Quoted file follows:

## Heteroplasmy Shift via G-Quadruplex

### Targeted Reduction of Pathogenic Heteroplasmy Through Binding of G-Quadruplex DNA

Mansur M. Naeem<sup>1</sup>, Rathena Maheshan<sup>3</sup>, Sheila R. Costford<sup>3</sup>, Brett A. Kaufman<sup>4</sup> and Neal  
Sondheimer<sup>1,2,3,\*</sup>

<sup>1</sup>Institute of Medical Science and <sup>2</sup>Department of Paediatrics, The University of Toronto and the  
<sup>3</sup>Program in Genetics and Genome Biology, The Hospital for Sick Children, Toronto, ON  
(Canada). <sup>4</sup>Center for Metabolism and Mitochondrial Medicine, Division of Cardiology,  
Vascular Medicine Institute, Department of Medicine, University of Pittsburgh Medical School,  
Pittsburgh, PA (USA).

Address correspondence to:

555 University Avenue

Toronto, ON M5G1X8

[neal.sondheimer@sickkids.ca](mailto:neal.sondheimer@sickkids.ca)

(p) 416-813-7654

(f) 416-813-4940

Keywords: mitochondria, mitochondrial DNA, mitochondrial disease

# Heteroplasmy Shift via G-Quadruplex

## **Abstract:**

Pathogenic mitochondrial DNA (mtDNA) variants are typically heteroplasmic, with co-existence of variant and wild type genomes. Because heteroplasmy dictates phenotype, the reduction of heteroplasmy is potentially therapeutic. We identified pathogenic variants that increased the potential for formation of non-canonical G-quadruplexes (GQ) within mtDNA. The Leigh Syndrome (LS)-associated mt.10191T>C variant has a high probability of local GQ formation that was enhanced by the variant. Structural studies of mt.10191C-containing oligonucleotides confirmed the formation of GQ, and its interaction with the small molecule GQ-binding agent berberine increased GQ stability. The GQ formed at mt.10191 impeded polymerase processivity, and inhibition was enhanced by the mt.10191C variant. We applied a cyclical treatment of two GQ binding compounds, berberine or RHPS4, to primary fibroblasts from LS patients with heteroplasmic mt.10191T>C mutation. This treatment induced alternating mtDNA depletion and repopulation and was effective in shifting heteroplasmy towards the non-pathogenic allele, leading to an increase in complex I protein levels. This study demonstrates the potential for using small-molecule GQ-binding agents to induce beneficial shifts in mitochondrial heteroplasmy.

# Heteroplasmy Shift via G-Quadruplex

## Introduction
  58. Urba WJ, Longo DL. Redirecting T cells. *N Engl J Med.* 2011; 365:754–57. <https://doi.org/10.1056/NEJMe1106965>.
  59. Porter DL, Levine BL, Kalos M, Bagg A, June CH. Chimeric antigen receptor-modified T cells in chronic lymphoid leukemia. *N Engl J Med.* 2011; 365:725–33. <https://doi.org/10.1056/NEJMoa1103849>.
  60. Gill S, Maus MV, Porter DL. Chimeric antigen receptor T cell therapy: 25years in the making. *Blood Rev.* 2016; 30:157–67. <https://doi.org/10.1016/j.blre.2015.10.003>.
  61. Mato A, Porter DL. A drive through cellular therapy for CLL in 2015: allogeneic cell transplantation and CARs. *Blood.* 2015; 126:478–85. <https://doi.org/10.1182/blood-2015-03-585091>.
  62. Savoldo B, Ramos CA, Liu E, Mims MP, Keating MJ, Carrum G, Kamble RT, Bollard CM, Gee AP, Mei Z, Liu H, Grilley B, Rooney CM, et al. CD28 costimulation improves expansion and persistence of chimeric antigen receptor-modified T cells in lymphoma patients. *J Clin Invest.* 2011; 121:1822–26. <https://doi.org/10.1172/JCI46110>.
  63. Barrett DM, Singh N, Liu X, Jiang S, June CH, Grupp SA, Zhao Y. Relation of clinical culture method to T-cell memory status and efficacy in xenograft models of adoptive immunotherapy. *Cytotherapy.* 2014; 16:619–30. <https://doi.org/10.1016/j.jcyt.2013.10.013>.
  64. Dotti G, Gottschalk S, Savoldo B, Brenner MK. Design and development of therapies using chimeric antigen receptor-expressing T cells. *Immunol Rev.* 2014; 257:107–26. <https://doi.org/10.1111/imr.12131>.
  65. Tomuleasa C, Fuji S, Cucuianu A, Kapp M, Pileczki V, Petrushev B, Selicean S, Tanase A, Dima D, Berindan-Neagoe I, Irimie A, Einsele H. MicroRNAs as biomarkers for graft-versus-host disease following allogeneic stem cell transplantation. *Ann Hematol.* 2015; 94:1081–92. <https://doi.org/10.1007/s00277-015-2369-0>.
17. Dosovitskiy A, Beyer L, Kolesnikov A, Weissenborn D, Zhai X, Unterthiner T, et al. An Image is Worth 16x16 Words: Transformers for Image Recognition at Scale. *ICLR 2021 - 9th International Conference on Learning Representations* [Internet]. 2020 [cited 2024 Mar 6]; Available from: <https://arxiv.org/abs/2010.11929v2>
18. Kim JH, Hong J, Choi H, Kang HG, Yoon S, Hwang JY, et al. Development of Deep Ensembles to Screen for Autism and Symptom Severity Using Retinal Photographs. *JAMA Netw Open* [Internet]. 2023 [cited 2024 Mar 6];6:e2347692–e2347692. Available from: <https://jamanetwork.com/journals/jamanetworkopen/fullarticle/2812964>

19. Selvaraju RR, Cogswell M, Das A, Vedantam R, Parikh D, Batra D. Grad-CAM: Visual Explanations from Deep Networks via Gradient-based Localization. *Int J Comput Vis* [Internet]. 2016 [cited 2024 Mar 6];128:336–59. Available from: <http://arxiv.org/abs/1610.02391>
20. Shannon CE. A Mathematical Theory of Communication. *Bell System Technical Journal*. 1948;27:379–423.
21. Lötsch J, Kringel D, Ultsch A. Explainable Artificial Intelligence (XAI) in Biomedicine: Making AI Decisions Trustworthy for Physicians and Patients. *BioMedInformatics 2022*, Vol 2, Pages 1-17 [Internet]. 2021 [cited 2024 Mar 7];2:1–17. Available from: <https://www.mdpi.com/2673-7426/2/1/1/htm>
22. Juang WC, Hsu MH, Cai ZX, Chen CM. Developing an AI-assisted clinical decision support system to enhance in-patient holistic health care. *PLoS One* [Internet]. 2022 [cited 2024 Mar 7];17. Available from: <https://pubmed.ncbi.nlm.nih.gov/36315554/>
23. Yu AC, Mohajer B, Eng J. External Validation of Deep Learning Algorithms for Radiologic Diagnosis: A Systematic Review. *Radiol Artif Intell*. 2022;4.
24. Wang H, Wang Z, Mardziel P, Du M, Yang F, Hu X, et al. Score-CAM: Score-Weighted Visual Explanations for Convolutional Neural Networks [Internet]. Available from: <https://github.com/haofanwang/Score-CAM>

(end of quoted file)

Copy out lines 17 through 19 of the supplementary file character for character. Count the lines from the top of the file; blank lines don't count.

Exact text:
# Heteroplasmy Shift via G-Quadruplex

## **Abstract:**

Pathogenic mitochondrial DNA (mtDNA) variants are typically heteroplasmic, with co-existence of variant and wild type genomes. Because heteroplasmy dictates phenotype, the reduction of heteroplasmy is potentially therapeutic. We identified pathogenic variants that increased the potential for formation of non-canonical G-quadruplexes (GQ) within mtDNA. The Leigh Syndrome (LS)-associated mt.10191T>C variant has a high probability of local GQ formation that was enhanced by the variant. Structural studies of mt.10191C-containing oligonucleotides confirmed the formation of GQ, and its interaction with the small molecule GQ-binding agent berberine increased GQ stability. The GQ formed at mt.10191 impeded polymerase processivity, and inhibition was enhanced by the mt.10191C variant. We applied a cyclical treatment of two GQ binding compounds, berberine or RHPS4, to primary fibroblasts from LS patients with heteroplasmic mt.10191T>C mutation. This treatment induced alternating mtDNA depletion and repopulation and was effective in shifting heteroplasmy towards the non-pathogenic allele, leading to an increase in complex I protein levels. This study demonstrates the potential for using small-molecule GQ-binding agents to induce beneficial shifts in mitochondrial heteroplasmy.